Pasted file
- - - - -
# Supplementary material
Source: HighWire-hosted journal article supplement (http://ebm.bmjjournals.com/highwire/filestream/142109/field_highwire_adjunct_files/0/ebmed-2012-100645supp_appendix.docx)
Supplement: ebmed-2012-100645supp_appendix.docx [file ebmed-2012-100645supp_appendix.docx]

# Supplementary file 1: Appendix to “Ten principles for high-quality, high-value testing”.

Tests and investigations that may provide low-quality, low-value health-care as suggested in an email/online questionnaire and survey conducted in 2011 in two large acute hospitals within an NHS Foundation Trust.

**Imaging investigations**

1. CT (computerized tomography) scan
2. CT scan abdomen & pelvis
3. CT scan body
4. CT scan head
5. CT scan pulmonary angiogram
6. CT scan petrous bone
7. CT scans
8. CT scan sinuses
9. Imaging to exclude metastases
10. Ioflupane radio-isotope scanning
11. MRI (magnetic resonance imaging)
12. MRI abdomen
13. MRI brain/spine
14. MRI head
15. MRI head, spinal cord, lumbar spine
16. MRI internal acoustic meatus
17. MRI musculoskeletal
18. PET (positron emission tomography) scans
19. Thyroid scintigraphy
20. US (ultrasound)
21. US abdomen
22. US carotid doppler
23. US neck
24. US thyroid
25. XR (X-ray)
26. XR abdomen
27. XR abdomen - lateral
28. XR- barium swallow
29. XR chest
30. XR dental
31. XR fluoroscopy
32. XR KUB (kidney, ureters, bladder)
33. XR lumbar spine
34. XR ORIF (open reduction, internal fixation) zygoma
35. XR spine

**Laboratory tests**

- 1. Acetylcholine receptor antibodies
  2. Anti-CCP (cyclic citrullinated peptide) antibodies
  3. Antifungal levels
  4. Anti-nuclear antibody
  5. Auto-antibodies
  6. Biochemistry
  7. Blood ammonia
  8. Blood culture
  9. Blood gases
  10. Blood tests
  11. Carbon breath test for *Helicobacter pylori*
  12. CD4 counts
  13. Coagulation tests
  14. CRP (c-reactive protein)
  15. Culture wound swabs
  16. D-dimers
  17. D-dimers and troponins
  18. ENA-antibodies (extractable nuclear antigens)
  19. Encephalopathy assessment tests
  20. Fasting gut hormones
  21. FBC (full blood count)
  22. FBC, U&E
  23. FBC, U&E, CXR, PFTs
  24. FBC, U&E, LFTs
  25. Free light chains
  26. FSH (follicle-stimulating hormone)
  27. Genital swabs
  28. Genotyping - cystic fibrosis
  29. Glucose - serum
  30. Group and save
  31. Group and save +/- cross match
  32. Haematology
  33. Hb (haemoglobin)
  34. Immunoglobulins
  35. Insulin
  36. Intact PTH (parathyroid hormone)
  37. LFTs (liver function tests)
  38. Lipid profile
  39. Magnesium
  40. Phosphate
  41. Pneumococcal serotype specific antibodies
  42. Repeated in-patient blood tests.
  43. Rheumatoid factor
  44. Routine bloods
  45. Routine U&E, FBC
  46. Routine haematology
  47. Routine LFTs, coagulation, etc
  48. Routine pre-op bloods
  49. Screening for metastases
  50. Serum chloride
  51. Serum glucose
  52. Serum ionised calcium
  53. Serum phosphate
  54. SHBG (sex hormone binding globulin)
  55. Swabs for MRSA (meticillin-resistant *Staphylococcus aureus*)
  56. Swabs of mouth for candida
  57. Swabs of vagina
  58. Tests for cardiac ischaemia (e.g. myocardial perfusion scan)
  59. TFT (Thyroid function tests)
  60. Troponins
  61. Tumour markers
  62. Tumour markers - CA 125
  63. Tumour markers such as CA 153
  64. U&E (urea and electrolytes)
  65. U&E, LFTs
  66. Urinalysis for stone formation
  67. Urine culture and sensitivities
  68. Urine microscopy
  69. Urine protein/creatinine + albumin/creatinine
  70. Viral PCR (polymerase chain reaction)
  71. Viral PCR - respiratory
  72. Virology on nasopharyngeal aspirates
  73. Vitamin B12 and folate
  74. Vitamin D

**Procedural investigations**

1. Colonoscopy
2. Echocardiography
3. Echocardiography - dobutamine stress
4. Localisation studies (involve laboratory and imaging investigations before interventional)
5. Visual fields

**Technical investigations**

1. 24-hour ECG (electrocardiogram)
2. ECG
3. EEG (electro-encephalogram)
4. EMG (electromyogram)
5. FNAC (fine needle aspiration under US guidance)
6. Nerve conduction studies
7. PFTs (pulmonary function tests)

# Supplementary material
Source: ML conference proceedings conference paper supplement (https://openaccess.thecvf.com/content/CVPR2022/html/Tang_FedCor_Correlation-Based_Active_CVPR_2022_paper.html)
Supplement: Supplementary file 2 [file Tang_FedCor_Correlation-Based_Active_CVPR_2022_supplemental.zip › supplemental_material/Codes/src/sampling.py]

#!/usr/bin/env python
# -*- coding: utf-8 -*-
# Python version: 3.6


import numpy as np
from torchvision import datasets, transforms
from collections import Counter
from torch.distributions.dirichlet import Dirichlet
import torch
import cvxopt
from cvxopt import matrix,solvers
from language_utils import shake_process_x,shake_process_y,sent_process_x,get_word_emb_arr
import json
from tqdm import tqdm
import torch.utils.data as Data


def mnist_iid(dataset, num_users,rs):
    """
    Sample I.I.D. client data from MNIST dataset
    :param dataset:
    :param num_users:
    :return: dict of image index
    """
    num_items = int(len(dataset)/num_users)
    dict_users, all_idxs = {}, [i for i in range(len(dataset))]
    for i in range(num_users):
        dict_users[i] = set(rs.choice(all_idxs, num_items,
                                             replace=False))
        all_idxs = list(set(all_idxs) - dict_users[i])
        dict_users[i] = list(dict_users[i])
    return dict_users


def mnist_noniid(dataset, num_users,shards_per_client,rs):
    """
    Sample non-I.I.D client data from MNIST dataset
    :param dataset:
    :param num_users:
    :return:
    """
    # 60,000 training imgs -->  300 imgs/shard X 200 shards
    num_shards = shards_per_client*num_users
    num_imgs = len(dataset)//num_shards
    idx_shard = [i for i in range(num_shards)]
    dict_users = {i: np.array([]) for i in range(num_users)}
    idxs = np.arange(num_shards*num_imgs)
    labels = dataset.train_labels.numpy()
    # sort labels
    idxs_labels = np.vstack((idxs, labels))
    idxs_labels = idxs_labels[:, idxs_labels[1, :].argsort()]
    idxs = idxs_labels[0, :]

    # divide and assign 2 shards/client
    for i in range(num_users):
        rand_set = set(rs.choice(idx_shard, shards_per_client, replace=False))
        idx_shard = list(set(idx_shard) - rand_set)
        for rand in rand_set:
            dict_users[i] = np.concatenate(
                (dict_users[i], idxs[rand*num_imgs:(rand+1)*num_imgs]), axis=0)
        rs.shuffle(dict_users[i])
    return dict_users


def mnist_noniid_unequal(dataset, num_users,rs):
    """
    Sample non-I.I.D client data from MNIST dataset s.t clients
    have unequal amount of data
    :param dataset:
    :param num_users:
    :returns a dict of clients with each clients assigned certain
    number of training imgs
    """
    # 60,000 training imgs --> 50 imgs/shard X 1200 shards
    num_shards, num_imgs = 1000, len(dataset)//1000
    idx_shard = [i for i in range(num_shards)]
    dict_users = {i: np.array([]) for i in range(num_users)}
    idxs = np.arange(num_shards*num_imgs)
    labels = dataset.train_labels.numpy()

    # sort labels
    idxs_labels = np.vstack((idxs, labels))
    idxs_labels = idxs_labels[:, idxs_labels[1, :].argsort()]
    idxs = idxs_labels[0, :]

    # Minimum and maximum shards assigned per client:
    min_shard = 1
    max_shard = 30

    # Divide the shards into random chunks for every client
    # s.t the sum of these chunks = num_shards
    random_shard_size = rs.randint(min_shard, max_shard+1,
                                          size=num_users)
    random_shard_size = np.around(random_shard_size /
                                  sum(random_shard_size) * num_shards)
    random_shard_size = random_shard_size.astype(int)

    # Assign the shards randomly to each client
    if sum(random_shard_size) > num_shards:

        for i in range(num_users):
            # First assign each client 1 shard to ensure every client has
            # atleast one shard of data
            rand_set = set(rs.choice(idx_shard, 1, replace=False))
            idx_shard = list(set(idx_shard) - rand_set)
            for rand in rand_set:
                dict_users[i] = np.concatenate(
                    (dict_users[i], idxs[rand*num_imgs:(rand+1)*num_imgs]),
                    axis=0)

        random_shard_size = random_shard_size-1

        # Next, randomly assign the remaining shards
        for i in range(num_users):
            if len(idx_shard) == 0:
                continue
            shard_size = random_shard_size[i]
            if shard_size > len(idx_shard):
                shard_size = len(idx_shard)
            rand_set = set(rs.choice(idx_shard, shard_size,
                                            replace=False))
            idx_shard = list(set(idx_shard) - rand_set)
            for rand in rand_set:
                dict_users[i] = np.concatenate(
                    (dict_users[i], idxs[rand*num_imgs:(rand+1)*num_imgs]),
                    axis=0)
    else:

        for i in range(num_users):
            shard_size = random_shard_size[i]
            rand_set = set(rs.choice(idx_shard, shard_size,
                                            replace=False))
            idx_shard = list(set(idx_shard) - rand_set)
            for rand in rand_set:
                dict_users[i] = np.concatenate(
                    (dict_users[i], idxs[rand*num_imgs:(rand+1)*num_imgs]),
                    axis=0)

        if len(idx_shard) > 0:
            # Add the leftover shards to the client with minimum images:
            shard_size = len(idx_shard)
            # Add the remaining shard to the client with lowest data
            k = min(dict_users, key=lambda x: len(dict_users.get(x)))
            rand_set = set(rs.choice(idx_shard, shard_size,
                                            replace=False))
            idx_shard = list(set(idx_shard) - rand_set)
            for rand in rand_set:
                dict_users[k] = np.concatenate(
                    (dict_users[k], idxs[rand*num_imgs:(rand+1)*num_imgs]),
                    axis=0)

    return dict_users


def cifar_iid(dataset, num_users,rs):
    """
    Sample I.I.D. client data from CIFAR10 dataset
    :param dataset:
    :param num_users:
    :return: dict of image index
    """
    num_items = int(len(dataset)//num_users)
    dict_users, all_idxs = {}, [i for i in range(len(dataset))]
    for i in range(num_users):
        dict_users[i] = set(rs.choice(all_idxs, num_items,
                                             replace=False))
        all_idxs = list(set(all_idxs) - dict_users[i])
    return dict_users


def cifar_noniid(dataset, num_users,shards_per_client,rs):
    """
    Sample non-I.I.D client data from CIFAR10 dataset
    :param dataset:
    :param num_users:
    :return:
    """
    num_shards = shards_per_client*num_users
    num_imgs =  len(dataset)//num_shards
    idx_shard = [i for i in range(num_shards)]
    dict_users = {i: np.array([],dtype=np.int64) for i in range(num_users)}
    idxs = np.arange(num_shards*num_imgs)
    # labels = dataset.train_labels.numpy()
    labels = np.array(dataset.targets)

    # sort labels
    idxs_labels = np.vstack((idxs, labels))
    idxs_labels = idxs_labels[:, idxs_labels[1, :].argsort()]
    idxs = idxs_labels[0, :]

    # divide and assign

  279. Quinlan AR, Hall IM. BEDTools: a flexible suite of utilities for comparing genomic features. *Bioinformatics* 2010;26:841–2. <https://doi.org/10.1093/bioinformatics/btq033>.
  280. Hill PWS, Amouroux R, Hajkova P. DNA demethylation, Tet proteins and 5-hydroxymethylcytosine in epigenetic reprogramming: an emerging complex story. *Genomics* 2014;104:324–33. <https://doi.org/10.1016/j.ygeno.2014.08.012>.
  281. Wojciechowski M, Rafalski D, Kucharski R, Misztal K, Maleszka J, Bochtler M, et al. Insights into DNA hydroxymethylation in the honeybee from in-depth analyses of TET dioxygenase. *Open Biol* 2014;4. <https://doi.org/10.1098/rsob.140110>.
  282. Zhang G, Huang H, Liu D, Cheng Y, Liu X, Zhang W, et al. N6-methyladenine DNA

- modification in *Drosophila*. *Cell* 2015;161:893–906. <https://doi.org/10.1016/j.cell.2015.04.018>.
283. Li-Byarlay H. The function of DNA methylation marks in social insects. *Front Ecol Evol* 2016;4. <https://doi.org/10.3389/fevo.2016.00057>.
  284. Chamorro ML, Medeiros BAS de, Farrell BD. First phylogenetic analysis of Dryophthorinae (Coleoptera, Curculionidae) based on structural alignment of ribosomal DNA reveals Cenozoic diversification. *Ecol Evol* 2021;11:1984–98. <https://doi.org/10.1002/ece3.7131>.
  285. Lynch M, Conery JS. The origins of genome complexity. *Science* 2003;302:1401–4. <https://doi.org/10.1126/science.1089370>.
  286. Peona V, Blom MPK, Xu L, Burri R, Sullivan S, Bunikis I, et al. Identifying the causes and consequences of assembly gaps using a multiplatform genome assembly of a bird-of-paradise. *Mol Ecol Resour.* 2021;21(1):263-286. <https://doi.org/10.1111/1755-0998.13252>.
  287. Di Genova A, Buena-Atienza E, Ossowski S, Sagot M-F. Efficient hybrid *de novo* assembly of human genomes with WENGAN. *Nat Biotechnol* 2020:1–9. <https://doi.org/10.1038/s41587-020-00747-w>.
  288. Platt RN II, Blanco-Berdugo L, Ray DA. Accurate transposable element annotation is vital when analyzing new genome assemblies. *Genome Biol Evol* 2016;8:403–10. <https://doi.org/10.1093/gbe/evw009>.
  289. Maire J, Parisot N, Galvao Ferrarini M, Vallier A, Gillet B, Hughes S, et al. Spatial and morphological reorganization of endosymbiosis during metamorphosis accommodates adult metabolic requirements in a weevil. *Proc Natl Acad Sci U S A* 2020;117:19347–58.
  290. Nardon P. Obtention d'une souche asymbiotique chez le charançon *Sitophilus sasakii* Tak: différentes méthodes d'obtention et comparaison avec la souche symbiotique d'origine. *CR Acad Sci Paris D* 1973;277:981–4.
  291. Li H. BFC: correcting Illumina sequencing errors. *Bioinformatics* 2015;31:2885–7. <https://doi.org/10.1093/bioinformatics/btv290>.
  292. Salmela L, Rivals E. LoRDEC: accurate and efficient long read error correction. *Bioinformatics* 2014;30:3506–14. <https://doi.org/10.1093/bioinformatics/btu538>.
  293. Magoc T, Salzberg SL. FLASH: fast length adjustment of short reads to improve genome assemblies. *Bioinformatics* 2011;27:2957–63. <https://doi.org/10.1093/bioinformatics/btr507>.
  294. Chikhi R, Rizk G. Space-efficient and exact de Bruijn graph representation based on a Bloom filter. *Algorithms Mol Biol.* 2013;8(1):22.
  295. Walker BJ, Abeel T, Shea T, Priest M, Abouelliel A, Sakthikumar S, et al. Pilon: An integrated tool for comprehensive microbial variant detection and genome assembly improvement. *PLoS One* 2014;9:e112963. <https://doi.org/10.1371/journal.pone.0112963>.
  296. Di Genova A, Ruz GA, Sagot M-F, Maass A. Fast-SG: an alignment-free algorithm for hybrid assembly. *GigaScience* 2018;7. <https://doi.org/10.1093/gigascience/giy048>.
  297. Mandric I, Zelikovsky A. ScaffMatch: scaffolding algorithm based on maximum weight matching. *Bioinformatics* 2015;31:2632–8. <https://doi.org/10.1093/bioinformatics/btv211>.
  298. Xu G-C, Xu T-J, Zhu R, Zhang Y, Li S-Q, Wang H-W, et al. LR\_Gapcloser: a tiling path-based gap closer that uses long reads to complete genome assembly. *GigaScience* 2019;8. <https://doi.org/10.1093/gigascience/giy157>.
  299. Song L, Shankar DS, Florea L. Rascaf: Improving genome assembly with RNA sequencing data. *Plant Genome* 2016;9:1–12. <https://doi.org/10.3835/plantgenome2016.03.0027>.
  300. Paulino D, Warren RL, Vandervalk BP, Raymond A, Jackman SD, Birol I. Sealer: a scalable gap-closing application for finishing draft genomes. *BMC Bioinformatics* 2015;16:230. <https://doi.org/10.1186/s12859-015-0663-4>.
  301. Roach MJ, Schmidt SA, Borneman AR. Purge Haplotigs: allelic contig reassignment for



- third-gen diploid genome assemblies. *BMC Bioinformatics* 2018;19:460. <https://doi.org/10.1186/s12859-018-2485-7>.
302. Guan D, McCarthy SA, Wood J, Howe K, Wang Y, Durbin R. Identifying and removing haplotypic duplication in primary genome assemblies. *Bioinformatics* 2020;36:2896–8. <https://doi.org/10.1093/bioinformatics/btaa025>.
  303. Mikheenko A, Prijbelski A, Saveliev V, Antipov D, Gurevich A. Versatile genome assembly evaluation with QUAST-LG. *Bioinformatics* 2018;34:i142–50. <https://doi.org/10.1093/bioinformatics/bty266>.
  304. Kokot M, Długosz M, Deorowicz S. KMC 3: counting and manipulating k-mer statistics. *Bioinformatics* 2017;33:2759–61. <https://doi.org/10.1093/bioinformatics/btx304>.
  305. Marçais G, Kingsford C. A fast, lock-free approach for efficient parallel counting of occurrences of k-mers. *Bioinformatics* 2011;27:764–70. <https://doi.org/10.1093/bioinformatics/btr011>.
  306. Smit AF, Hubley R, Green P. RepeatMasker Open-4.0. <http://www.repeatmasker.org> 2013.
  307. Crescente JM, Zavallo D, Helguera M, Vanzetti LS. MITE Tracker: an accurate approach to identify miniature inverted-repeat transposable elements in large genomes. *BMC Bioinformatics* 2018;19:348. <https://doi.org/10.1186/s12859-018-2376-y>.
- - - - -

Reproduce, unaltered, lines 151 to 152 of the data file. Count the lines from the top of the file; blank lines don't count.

    :param dataset:
    :param num_users: